Let us also assume that we have chosen a block size of N for the
DFTs and the inverse DFTs.
Normally, we would choose
N
=
2
k
for some integer
k
to facilitate
the use of an FFT algorithm.
The blocks of input data are then chosen as follows.
1
The first
M

1 samples of the first data block will be zeros. The next
L
=
N

M
+
1 samples will be the first
L
samples of the input data.
2
The first
M

1 samples of the subsequent data blocks will come
from the last
M

1 data samples of the last data block. The next
L
samples will be the next
L
new samples of the data sequence.
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Overlap–Save Method
In this way, each block will involve
L
new samples of the input
sequence.
The output corresponding to each input block will be the last
L
samples of each output block.
The first
M

1 samples are discarded.
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Overlap–Save Example
Example (7.4)
Consider the use of the overlap–save procedure for filtering long
sequences when the input sequence is a speech sample with a
duration of 4 seconds and a sampling rate of 8000 samples per
second.
The FIR filter to be used has 100 filter coefficients.
In this example, we will consider the total number of complex
multiplication required to filter the sequence using the direct
method and compare it with the number required for the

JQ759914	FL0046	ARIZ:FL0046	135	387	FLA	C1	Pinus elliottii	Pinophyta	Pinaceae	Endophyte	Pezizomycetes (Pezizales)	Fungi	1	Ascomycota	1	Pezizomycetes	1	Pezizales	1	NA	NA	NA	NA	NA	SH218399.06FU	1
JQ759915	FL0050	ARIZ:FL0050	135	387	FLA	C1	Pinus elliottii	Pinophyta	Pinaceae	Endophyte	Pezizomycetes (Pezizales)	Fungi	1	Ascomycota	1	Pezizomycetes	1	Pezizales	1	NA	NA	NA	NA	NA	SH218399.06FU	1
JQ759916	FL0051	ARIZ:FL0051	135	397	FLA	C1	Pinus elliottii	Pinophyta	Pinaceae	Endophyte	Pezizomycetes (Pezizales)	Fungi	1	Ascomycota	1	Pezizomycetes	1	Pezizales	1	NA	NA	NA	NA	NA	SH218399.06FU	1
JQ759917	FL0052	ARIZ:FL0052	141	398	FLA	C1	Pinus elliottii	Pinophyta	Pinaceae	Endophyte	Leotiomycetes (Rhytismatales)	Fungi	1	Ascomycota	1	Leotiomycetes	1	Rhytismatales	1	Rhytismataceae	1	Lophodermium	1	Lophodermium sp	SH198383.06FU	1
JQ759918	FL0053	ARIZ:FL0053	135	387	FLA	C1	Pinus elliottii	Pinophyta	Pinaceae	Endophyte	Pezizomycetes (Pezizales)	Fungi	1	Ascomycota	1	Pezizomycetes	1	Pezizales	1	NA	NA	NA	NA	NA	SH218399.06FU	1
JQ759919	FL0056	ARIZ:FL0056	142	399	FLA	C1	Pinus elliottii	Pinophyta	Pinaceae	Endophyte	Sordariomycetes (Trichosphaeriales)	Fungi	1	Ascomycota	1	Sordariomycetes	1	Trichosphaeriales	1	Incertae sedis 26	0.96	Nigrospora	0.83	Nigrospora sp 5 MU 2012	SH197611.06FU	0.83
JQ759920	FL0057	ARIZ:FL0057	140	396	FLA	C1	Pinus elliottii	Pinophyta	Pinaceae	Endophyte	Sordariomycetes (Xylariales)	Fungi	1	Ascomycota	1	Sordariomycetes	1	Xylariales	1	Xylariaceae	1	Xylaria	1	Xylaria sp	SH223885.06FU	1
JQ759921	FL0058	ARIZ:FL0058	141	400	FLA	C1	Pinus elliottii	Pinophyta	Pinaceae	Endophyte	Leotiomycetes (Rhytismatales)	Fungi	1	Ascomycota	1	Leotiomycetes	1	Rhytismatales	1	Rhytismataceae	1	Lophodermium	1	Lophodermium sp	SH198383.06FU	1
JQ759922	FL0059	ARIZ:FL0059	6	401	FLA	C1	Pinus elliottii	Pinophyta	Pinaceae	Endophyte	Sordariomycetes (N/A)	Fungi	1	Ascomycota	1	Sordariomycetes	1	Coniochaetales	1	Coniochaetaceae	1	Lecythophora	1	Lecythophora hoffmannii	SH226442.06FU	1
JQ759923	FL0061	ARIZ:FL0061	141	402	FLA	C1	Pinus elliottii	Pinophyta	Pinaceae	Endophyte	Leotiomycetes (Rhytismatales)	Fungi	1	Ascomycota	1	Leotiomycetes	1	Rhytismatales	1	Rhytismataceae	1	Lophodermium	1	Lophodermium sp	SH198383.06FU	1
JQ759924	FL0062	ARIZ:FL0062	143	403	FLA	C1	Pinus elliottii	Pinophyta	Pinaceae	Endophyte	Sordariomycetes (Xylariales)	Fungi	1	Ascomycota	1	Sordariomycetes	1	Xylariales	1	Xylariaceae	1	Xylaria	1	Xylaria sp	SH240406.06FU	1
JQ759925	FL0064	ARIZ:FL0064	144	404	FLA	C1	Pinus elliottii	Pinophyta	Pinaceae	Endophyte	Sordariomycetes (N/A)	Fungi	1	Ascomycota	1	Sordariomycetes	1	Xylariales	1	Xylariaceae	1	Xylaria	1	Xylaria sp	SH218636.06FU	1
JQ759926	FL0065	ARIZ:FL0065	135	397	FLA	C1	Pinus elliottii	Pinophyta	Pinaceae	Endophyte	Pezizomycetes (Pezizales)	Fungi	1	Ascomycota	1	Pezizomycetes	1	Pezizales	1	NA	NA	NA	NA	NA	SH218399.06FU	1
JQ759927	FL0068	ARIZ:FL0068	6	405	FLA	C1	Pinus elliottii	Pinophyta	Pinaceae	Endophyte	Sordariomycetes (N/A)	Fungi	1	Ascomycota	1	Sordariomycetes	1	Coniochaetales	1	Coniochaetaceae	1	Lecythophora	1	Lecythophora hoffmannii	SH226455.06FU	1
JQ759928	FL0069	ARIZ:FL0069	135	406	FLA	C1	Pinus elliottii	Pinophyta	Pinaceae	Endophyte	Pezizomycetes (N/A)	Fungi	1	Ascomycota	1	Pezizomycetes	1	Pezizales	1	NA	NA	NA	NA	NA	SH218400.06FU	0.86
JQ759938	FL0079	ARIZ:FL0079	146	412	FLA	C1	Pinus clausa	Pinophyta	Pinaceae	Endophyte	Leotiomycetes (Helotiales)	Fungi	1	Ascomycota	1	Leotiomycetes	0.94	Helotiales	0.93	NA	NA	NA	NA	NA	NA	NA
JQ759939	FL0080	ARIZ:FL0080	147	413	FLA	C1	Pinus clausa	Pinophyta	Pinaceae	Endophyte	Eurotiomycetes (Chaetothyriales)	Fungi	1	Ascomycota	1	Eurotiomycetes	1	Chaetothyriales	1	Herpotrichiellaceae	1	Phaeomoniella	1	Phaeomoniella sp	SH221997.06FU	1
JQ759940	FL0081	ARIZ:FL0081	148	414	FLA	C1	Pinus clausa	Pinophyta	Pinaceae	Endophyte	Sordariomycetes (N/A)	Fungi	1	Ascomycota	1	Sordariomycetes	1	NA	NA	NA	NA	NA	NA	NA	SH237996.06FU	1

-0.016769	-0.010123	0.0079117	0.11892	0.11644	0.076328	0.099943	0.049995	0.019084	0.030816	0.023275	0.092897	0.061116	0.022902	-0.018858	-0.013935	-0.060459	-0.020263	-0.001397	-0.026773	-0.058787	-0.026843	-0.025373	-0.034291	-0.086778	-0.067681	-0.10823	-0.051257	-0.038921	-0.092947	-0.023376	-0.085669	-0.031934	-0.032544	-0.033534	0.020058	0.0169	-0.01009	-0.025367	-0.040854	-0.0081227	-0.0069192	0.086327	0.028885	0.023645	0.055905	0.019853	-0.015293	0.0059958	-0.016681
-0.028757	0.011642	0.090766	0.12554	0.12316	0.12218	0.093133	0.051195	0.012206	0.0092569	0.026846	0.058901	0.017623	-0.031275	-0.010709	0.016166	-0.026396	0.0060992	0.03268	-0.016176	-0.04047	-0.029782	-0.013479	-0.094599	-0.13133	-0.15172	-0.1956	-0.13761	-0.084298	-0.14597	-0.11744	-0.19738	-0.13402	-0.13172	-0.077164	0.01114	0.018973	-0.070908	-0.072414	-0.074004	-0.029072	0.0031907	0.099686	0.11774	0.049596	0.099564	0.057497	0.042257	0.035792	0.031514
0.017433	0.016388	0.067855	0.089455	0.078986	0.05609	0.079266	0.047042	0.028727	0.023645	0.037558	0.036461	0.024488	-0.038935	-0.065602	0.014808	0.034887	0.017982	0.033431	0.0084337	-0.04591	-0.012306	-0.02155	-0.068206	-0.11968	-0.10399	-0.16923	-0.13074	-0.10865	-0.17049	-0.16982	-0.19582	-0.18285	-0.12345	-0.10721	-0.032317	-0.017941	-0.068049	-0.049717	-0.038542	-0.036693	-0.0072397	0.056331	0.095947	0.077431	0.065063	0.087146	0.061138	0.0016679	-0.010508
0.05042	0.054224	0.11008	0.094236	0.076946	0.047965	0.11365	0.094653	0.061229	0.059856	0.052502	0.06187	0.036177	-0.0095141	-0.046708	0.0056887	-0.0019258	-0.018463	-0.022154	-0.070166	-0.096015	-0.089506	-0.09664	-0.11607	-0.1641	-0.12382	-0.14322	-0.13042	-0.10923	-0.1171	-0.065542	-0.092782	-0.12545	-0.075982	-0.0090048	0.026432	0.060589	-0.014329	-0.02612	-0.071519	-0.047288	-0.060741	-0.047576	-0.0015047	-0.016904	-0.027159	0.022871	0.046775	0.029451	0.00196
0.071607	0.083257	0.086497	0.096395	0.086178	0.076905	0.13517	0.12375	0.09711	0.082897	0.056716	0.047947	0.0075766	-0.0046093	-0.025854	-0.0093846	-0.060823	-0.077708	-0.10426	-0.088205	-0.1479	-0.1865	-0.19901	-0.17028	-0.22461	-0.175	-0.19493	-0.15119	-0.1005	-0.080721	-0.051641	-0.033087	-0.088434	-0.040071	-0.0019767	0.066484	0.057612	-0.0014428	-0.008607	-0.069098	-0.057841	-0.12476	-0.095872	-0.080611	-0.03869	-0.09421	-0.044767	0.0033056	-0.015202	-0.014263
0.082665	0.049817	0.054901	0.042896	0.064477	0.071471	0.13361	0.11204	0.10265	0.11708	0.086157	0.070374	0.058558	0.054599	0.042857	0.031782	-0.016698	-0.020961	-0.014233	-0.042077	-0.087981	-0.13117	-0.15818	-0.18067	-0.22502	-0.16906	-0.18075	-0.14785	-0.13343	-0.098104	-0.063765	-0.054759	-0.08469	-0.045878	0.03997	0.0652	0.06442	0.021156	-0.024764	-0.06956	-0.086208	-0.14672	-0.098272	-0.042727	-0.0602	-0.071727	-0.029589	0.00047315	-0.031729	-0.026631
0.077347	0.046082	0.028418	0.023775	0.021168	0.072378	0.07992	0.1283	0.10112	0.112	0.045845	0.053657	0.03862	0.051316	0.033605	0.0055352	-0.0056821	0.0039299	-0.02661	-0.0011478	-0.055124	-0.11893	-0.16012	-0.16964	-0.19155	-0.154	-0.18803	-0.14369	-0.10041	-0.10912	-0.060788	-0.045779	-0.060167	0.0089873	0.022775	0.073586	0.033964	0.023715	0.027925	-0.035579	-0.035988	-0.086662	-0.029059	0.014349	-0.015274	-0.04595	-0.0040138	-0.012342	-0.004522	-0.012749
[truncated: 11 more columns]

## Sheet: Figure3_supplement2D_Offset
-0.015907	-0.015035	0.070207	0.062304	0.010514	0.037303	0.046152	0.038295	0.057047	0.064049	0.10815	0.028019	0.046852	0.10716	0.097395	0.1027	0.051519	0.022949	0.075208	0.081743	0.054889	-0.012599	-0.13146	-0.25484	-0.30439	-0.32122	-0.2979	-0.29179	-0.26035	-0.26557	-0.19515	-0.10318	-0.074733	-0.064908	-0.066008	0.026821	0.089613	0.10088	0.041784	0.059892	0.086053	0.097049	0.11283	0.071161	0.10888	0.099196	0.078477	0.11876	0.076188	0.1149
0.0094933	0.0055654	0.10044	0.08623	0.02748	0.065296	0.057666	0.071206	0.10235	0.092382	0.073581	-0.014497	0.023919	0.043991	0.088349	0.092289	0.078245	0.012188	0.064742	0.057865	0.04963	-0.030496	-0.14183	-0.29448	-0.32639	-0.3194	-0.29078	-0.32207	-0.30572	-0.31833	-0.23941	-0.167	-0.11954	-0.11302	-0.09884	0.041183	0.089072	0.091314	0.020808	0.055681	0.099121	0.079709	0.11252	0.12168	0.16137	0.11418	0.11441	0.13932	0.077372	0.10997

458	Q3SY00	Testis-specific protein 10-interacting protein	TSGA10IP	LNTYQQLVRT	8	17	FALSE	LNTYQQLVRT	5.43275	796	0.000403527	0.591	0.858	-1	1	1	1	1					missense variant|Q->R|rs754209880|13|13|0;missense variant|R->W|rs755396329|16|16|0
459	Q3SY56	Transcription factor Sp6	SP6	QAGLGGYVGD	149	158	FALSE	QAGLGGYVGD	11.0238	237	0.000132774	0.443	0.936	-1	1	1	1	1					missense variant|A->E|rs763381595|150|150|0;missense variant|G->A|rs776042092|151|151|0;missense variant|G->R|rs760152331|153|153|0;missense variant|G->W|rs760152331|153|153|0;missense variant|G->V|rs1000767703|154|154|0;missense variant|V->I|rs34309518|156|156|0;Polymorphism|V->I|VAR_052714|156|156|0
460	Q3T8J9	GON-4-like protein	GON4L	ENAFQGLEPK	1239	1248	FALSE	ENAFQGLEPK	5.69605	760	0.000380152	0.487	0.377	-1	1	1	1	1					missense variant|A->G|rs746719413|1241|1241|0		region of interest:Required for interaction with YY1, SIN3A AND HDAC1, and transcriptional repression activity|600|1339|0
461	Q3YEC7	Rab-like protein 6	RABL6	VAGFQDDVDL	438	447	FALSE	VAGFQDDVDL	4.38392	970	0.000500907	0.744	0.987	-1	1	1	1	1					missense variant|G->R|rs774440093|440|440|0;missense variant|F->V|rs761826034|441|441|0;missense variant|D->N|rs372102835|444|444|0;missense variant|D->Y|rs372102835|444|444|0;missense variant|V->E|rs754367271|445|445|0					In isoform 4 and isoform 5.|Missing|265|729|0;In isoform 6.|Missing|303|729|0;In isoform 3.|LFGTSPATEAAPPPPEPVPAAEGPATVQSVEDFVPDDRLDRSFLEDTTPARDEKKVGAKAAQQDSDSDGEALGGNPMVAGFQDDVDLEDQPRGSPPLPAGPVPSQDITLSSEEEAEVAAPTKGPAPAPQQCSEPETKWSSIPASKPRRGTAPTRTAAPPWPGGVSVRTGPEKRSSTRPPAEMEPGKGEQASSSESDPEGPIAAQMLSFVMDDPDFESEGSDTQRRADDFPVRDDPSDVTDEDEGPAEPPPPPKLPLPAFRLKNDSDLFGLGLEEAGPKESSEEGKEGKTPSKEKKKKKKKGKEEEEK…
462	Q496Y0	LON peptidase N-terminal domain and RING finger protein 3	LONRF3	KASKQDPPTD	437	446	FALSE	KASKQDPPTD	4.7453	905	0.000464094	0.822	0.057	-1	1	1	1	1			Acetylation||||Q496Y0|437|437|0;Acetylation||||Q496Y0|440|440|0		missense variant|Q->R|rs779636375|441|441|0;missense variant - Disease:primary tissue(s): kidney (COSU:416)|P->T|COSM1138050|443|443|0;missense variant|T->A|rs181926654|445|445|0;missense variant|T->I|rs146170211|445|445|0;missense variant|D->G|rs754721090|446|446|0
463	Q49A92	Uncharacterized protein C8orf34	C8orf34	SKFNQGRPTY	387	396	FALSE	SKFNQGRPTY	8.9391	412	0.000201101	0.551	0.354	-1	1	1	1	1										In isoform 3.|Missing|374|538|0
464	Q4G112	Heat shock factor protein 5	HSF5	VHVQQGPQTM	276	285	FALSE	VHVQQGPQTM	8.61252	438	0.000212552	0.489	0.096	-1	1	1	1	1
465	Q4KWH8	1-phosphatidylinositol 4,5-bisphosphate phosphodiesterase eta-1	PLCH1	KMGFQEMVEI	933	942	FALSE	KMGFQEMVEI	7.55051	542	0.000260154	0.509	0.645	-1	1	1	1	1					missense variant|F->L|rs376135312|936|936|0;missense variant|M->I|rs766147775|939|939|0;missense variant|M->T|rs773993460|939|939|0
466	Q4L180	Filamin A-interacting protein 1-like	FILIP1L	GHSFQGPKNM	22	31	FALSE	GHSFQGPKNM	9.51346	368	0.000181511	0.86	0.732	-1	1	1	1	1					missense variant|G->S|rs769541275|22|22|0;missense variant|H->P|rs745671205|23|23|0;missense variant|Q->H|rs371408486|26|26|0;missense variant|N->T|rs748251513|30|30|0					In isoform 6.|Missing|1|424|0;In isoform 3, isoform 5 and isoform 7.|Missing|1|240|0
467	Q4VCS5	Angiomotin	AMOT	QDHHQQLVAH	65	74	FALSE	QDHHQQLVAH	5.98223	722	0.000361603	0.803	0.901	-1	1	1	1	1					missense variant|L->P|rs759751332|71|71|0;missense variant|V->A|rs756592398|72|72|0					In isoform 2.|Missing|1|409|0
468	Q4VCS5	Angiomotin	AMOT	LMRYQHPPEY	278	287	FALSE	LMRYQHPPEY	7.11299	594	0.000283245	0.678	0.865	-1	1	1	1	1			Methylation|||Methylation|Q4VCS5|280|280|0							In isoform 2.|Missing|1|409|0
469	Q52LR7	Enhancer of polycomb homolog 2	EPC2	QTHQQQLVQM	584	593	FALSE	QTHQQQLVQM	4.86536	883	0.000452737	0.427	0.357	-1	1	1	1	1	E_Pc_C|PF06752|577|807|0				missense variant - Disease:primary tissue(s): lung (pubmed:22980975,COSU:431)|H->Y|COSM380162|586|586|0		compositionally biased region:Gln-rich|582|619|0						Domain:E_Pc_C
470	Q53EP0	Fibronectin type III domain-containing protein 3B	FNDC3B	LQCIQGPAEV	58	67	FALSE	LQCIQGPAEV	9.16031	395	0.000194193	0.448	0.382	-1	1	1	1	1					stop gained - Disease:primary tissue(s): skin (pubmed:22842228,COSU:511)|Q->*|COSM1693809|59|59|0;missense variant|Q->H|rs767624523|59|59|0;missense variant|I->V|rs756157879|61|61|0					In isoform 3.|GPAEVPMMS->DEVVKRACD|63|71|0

overlap–save method.
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Overlap–Save Example
Example (7.4)
The number of complex multiplications required to compute a N
point FFT is given by
K
=
N
log
2
(
N
)
(64)
The total number of samples in the sequence is
L
1
=
4
(
8000
) =
32000
(65)
The minimum number of samples to use for the FFT in order to
obtain a linear convolution result is
N
1
=
32000
+
100

1
=
32099
(66)
The next number that is a power of 2 is
N
1
=
2
15
=
32768
(67)
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Overlap–Save Example
Example (7.4)
We need to add 32768

32000
=
768 zeros to the end of the
sample sequence and 32768

100
=
32668 zeros to the end of
the FIR filter.
We then compute the FFT of both sequences and multiply them
point by point to obtain the DFT of the output.
We then use the inverse FFT (IFFT) algorithm to obtain the output.
This means that we need to compute the FFT twice and the IFFT
once.
The point by point multiplication of the two DFTs requires 32768
complex multiplications.
The total number of complex multiplications is
K
1
=
3
(
32768
)(
15
) +
32768
=
1507328
(68)
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Overlap–Save Example
Example (7.4)
If we use a block size of
N
2
=
256
(
2
8
)
samples for the
overlap–save method, then each time we use
L
2
=
256

100
+
1
=
157
(69)
new samples in each input block of data.
We would have to use
B
2
=
32000
157
=
d
203
.
82
e
=
204
(70)
blocks.
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Overlap–Save Example
Example (7.4)
The total number of complex multiplications required is
K
2
=
204
[
2
(
256
)(
8
) +
256
] +
256
(
8
)
K
2
=
889856
(71)
It helps that we only need to compute the DFT of the filter once.
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 Digital Signal Processing, DFT, C. Williams